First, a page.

Dr Michalis Poupazis
School of English
Michalis Poupazis is an ethnomusicologist and an IRC Government of Ireland Fellow based in the Study of Religions Department. Until recently he was the MA Ethnomusicology Programme Coordinator and a Part-Time Lecturer at the Department of Music. During fellowship, Michalis will complete his monograph entitled: Musics, New Spaces, and the Mediterranean Appeal of the Cypriot Diaspora in Britain. To date, his research has centred on questions of ethnicity and identity, reconciliation, transnational movements, metanarrative analysis, and the history and theory of ethnomusicology and popular music study. His research addresses modern Cyprus, Turkey, Greece, and the Cypriot diaspora in the UK with broader interest across the Mediterranean and Europe.
Outline of Project
Philologists, archaeologists and historians have studied the pre-Christian religions of northern Europe for centuries, scrutinizing in impressive detail topics like myths’ origins and the forms of rituals. Yet, in all this time, no attention has been paid to the ways in which conceptualizations of gods changed according to their worshippers’ circumstances.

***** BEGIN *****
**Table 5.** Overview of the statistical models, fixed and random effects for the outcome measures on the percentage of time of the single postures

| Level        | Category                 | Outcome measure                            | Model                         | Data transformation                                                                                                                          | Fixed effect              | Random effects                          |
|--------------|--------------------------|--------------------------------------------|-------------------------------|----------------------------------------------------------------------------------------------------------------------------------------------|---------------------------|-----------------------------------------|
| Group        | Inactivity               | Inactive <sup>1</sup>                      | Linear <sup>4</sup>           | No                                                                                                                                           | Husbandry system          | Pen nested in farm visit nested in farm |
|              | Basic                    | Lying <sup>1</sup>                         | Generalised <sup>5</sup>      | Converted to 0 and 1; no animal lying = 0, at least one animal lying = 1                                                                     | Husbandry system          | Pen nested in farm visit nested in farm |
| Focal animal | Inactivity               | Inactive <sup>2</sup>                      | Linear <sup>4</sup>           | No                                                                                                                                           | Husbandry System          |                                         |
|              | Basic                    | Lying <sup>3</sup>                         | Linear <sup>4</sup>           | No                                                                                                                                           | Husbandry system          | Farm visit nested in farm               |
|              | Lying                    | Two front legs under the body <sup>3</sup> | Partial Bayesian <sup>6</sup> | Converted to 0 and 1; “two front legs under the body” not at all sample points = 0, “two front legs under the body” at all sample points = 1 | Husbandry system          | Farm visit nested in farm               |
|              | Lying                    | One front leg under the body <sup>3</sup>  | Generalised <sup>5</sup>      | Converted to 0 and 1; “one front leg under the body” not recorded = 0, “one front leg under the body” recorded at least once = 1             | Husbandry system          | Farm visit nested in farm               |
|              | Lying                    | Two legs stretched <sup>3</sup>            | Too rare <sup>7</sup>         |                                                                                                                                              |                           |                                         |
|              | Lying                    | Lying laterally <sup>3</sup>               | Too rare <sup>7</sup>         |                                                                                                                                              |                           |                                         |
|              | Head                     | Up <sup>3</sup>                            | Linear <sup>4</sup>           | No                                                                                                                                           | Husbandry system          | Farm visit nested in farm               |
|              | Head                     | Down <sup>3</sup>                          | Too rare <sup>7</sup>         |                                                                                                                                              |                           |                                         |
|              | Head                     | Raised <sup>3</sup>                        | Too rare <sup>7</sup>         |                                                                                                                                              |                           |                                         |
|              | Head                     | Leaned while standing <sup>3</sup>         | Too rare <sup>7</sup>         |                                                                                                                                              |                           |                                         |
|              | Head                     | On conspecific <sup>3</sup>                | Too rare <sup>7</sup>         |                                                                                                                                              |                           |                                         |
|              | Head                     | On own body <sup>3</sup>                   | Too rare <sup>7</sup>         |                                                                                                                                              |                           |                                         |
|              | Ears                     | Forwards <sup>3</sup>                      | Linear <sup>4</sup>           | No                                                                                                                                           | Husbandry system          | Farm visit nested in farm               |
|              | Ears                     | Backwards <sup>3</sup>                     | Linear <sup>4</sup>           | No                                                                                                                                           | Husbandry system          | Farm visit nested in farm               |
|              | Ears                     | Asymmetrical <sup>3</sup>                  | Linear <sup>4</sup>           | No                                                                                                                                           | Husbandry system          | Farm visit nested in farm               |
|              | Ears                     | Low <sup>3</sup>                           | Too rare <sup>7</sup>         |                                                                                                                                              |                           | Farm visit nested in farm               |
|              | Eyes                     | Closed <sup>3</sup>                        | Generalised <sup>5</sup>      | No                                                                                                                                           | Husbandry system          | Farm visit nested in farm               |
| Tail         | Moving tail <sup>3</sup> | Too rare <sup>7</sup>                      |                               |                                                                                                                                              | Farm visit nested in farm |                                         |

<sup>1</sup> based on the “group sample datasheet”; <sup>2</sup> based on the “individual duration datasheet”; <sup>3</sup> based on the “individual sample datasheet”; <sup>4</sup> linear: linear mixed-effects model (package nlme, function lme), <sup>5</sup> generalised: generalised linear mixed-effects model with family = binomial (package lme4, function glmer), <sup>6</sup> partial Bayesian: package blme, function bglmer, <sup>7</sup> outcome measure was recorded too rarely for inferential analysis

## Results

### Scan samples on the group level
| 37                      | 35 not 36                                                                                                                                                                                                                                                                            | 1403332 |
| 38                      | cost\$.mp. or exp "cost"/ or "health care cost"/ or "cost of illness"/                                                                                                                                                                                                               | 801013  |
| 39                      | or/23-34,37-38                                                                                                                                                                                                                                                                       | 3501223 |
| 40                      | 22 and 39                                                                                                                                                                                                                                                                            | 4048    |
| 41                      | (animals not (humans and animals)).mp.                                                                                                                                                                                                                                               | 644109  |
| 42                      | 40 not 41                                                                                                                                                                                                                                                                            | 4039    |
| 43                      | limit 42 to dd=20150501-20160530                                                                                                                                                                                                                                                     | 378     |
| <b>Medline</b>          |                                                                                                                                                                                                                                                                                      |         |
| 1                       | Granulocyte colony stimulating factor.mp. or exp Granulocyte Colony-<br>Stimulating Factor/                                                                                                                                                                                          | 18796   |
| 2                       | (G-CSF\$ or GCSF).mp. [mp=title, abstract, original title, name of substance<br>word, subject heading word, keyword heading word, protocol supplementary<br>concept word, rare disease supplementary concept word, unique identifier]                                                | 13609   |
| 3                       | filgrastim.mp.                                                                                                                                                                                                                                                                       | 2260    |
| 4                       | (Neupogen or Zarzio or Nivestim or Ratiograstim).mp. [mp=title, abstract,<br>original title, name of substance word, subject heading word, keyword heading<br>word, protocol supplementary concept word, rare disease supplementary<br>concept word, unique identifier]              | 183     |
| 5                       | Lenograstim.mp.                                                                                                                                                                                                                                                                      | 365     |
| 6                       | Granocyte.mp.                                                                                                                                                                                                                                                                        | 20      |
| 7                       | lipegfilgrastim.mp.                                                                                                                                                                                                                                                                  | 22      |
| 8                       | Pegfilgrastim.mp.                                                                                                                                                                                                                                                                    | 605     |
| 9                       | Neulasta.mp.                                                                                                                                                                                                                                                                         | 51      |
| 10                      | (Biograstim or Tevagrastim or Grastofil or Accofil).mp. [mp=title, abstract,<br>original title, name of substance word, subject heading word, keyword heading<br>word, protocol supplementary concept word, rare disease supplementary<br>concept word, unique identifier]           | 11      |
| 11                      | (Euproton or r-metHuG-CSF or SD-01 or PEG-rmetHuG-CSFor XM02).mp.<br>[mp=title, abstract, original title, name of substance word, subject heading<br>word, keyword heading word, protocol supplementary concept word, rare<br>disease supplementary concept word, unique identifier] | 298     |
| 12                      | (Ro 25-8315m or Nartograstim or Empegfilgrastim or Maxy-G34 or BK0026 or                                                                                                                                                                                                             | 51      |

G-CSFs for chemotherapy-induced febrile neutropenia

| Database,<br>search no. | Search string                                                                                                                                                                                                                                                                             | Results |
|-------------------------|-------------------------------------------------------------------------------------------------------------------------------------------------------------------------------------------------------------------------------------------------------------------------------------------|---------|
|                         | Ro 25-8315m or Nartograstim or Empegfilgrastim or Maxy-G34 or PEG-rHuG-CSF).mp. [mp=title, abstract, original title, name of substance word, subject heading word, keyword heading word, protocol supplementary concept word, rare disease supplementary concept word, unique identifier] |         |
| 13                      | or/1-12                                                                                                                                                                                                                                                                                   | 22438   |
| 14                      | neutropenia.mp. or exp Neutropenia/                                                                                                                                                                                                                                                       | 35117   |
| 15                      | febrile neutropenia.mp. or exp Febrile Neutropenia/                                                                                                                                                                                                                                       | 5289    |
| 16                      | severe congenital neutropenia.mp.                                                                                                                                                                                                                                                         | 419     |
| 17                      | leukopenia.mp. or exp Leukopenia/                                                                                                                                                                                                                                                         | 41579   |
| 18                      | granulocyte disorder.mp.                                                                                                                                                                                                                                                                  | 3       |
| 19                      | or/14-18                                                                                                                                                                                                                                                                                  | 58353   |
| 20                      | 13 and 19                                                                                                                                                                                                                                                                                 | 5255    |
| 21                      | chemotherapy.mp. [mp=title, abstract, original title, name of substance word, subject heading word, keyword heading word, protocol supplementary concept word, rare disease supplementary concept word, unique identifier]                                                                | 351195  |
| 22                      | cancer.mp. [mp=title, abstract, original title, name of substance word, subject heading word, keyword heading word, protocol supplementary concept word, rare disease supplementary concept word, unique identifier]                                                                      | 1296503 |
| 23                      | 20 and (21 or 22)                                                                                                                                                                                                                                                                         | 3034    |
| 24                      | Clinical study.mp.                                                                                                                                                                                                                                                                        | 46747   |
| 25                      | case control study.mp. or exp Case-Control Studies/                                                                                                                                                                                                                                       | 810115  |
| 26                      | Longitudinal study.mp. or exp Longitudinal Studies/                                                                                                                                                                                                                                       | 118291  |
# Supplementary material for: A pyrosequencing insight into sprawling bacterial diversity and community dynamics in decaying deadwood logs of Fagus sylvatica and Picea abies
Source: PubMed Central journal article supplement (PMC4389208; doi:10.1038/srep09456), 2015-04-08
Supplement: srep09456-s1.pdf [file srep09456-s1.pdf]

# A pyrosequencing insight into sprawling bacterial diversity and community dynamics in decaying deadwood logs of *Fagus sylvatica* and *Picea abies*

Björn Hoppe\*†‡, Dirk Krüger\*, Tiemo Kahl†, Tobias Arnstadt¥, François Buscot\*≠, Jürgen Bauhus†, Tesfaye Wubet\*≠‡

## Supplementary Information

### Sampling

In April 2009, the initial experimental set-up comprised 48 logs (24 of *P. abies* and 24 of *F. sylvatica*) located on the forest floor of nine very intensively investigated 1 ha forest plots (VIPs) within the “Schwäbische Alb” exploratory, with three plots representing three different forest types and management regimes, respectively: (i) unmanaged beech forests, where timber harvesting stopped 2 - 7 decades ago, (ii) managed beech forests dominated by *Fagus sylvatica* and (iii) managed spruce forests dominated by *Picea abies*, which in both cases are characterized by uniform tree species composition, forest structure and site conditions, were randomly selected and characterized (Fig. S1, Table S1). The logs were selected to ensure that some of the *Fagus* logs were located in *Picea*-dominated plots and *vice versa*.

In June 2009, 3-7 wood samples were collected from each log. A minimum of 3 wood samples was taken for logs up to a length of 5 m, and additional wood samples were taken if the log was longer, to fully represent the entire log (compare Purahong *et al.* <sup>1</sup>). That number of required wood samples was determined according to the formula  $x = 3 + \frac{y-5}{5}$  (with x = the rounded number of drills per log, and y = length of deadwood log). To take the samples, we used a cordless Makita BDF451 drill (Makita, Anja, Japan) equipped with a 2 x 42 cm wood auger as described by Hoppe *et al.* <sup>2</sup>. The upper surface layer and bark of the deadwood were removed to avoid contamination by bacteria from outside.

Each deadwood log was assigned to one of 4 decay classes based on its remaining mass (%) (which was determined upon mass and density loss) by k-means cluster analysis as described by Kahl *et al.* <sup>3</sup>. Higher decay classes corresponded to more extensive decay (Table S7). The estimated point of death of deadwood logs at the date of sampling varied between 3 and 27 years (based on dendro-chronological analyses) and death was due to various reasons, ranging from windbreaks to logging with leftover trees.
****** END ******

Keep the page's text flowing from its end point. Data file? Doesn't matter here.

Two moments experienced with Birmingham-based Cypriots in the last five years have particularly stuck with me: being offered some traditional Cypriot cinnamon-cookies in the (Greek-speaking) Mallas family’s living room; and having the exact same culinary experience at a Turkish-speaking household a month later, in the Ahmets’ kitchen. In both moments, beyond the tangible delights of these desserts, the smell of cinnamon filling Cypriot home spaces overpowered my ethnography. And all this while talking about music as a way of extending our senses in two ethnically opposing Cypriot households’ threshold-spaces, and sharing the same dessert bites.
These shared Cypriot senses also extend to a numerous other cultural resources. What gives them a clear Cypriot character, and thus makes them Cypriot in the consciousness of modern Cypriots, is the fact that they do not originate in any way from the two motherlands(Turkey and Greece), but instead remind and taste in many other ways of home.
My doctoral research focuses on one such example, a set of versions of the Cypriot traditional tune known as Tillirka—a common musical composition shared within the triangle of Cyprus, Turkey and Greece, considered one of Mediterranean’s most pleasurable and deeply rooted musical objects. In doing so, I re-negotiate the concept of a new space, adding more complexities to this mosaic, and call it the Mediterranean imaginary of Cyprus in diaspora.
In this fellowship, I propose to detail this mosaic further and complete a book monograph, by conducting fieldwork in Cyprus to recover further di-ethnically shared musics and performances and examine their Mediterranean appeal. I will solidify and enrich the Mediterranean imaginary, while re-thinking and extending the conscious and unconscious unifying ritual abilities of music for spiritual and emotional reconciliation.